Rollovers as Business Startups (ROBS)

“Is a Rollover as Business Start-up (ROBS) a good strategy for funding a business?”

ERISA consultants at the Retirement Learning Center Resource Desk regularly receive calls from financial advisors on a broad array of technical topics related to IRAs, qualified retirement plans and other types of retirement savings and income plans, including nonqualified plans, stock options, and Social Security and Medicare. We bring Case of the Week to you to highlight the most relevant topics affecting your business.

A recent call with a financial advisor from California is representative of a common inquiry related to rollovers. The advisor asked: “Is a Rollover as Business Start-up (ROBS) a good strategy for funding a business?”

Highlights of Discussion

  • “Good,” may not be the right word to use when describing a ROBS. According to the IRS,

    ROBS plans, while not considered an abusive tax avoidance transaction, are questionable

    …” (Rollovers as Business Start-Ups Compliance Project). Anyone considering a ROBS transaction should consultant with a tax and/or legal advisor before proceeding as there are several issues the IRS has identified that must be considered on a case-by-case basis in order to determine whether these plans operationally comply with established law and guidance. These issues and guidelines for compliance are detailed in a 2008 IRS Technical Memorandum.

  • Here is an example of a common ROBS arrangement. An individual sets up a C-Corporation and establishes a 401(k)/profit sharing plan for the business. The plan allows participants to invest their account balances in employer stock. (At this point the business owner is the only employee in the corporation and the only participant in the plan.) The new business owner then executes a tax-free rollover from his or her prior qualified retirement plan (or IRA) into the newly created qualified plan and uses the assets from the rollover to purchase employer stock. The individual next uses the funds to purchase a franchise or begin some other form of business enterprise. Note that since the rollover is moving between two tax-deferred arrangements, the new business owner avoids all otherwise assessable taxes on the rollover distribution.

  • Every few years, we find promoters in the industry aggressively marketing ROBS as a means for prospective business owners to access accumulated tax-deferred retirement funds, without paying applicable distribution taxes, to cover new business start-up costs. While the IRS does not consider all ROBS to be abusive tax avoidance transactions, it has found that some forms of ROBS violate existing tax laws and, therefore, are prohibited (see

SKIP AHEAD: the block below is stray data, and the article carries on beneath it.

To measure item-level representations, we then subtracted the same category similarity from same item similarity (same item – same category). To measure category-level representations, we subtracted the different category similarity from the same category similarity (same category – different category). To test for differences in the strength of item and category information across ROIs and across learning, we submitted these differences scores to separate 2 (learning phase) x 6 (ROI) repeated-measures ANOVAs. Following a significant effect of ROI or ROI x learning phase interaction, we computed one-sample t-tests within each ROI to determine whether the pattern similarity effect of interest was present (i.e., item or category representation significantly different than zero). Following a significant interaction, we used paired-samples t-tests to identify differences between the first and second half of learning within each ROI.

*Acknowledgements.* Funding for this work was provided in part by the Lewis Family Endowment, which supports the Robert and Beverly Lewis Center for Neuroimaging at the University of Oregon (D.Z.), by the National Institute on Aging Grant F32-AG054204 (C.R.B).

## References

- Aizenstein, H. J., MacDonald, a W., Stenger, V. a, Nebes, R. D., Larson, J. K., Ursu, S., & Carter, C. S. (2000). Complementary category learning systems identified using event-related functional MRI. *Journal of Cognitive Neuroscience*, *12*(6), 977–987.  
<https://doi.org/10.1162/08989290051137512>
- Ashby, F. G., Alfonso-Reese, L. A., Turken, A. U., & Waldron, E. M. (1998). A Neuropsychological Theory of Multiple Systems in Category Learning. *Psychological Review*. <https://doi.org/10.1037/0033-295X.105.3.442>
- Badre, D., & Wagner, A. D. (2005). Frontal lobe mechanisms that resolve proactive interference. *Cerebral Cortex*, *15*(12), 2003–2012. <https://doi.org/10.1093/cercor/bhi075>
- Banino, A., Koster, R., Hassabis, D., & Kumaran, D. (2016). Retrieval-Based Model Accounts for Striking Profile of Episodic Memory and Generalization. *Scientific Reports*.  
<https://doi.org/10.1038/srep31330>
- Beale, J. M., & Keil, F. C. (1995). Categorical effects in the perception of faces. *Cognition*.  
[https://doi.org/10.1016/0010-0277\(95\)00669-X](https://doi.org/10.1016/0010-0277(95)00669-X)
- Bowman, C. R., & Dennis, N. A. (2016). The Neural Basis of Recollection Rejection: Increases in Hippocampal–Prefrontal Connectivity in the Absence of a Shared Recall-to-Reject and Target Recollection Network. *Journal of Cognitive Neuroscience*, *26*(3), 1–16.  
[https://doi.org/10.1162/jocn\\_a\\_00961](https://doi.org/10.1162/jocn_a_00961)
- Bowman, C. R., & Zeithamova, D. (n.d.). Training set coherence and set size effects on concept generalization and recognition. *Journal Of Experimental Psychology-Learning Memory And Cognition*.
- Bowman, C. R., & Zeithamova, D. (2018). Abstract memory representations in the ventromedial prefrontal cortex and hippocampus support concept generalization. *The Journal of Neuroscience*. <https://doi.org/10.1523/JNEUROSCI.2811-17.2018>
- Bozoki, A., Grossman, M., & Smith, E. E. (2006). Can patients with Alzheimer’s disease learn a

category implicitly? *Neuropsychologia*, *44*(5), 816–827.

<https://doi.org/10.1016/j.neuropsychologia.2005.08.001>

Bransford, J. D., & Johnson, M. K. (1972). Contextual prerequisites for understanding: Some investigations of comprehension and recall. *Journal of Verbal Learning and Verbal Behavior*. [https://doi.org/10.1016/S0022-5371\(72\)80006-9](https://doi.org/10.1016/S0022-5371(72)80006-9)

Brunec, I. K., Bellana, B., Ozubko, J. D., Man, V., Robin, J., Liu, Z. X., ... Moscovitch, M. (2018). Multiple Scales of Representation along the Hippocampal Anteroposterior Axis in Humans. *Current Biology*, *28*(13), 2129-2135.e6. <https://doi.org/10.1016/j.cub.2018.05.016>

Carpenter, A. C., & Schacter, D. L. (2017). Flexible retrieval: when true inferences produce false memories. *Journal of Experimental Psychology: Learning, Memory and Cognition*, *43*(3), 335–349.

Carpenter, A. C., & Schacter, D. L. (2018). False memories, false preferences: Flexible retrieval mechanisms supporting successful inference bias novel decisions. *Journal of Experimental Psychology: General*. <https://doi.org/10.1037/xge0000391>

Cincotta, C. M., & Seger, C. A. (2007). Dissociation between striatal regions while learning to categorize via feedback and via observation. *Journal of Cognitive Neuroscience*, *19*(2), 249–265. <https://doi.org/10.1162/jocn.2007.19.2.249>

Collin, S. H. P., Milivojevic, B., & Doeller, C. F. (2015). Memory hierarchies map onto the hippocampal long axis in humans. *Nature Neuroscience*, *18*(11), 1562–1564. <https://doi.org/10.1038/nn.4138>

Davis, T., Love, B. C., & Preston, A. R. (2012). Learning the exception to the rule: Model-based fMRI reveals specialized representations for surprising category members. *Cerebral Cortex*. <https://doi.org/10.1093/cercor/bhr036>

Fleming Cardiovascular, P.A. v. Commissioner, and Powell v. U.S., the Court of Federal Claims).

  • The two primary issues that the IRS has identified with respect to ROBS that would render them noncompliant are 1) violations of nondiscrimination requirements related to the benefits, rights and features test of Treas. Reg. § 1.401 (a)(4)-4; and 2) prohibited transactions resulting from deficient valuations of stock.

  • Other concerns the IRS has with ROBS relate to the plan’s permanency (which is a qualification requirement for all retirement plans, violations of the exclusive benefit rule, lack of communication of the plan when other employees are hired, and inactive cash or deferred arrangements (CODAs).

  • The Employee Plan Compliance Unit of the IRS completed a research project that revealed that while some of the ROBS studied were successful, many of the companies in the sample had gone out of business within the first three years of operation after experiencing significant monetary loss, bankruptcy, personal and business liens, or having had their corporate status dissolved by the Secretary of State (voluntarily or involuntarily). The full project summary is accessible.


Caution should prevail when considering a ROBS arrangement. Those interested should seek the guidance of a tax and/or legal advisor, and consider the guidance from the IRS’ 2008 Technical Memorandum as well as tax court cases.

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